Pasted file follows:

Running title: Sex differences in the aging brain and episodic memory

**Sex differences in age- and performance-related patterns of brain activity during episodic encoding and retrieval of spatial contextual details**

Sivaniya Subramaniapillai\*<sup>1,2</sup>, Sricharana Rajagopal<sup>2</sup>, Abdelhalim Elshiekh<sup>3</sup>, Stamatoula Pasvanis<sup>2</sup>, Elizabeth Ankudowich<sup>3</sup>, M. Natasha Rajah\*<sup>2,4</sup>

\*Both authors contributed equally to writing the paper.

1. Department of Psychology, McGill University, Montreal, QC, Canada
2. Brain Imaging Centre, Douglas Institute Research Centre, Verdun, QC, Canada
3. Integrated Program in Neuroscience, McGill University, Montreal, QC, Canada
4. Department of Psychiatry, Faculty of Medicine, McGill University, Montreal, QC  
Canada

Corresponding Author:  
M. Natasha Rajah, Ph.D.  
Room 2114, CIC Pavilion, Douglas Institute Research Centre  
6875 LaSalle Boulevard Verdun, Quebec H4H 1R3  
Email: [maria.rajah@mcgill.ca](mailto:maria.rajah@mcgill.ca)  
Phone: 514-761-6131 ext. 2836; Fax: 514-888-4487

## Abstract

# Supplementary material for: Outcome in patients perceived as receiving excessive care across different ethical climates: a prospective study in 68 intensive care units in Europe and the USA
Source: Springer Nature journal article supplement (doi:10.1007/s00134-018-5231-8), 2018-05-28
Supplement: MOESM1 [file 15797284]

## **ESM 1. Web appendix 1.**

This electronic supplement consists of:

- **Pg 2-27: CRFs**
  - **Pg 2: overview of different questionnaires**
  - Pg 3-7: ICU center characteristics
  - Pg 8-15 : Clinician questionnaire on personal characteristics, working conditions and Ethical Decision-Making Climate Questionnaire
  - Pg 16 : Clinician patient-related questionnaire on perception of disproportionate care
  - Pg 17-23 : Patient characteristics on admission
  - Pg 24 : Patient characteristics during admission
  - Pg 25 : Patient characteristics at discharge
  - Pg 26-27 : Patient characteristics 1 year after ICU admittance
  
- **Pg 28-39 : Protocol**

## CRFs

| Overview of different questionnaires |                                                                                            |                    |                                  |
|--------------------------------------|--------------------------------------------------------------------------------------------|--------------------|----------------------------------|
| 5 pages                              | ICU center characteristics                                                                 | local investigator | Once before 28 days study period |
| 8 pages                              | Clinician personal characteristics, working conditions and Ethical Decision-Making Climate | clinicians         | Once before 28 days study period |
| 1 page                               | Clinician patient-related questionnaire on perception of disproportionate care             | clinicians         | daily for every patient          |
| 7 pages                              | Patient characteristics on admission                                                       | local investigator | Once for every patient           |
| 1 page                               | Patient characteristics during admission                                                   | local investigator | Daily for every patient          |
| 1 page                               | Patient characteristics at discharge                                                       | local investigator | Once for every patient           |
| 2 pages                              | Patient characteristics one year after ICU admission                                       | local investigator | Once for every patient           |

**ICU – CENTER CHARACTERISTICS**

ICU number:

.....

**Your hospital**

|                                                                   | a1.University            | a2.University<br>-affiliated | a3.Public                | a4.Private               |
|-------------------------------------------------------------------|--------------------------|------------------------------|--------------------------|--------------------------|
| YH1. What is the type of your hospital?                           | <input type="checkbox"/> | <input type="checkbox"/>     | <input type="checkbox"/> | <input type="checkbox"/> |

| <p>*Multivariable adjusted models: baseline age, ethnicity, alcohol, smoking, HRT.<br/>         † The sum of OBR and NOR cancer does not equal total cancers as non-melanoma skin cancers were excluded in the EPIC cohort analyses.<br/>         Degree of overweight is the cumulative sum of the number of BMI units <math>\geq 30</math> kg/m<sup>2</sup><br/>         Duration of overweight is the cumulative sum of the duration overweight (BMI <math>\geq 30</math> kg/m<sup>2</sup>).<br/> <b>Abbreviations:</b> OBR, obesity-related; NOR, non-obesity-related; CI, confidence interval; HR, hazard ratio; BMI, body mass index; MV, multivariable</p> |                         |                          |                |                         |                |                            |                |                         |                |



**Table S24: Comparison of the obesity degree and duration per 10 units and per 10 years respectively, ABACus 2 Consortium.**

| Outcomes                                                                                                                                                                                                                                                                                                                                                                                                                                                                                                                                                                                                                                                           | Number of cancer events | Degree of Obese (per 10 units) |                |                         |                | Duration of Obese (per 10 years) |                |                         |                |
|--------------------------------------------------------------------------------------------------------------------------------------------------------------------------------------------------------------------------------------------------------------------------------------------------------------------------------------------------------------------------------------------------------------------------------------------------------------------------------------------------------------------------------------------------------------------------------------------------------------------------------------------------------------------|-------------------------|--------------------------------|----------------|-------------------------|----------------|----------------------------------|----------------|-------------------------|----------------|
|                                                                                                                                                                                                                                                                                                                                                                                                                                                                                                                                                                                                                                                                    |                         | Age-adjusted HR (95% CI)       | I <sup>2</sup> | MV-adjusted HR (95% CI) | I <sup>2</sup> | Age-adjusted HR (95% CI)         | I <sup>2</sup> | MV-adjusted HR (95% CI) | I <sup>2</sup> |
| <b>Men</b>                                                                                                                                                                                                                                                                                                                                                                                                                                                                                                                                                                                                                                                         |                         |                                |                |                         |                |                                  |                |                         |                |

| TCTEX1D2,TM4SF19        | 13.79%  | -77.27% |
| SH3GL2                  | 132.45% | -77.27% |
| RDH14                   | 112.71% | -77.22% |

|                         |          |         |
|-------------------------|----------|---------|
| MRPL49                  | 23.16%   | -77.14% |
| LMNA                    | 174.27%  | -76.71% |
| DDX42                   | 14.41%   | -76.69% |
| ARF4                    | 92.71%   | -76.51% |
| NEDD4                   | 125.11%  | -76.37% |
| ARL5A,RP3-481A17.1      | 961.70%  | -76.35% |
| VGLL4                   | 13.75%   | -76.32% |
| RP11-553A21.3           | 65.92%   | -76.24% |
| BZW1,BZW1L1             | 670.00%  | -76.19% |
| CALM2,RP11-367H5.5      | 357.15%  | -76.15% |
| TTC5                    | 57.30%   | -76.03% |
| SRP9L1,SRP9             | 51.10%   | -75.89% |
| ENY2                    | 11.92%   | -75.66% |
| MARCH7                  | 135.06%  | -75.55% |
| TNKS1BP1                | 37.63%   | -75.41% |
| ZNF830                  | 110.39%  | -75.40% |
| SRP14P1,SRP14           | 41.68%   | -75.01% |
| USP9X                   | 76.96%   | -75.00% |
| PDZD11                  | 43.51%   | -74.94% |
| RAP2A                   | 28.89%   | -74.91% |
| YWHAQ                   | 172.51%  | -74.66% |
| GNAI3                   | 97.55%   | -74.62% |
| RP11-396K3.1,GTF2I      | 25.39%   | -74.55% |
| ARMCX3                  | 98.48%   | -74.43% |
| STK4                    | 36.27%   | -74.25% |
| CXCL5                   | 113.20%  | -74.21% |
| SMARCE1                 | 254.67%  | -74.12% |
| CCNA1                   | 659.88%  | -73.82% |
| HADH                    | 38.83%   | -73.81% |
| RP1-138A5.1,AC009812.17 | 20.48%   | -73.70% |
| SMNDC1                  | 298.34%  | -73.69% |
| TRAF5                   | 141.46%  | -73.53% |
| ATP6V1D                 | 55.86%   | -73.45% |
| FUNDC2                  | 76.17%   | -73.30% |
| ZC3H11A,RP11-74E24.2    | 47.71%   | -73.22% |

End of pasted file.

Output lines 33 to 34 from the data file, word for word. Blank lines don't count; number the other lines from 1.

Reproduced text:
| Overview of different questionnaires |                                                                                            |                    |                                  |
|--------------------------------------|--------------------------------------------------------------------------------------------|--------------------|----------------------------------|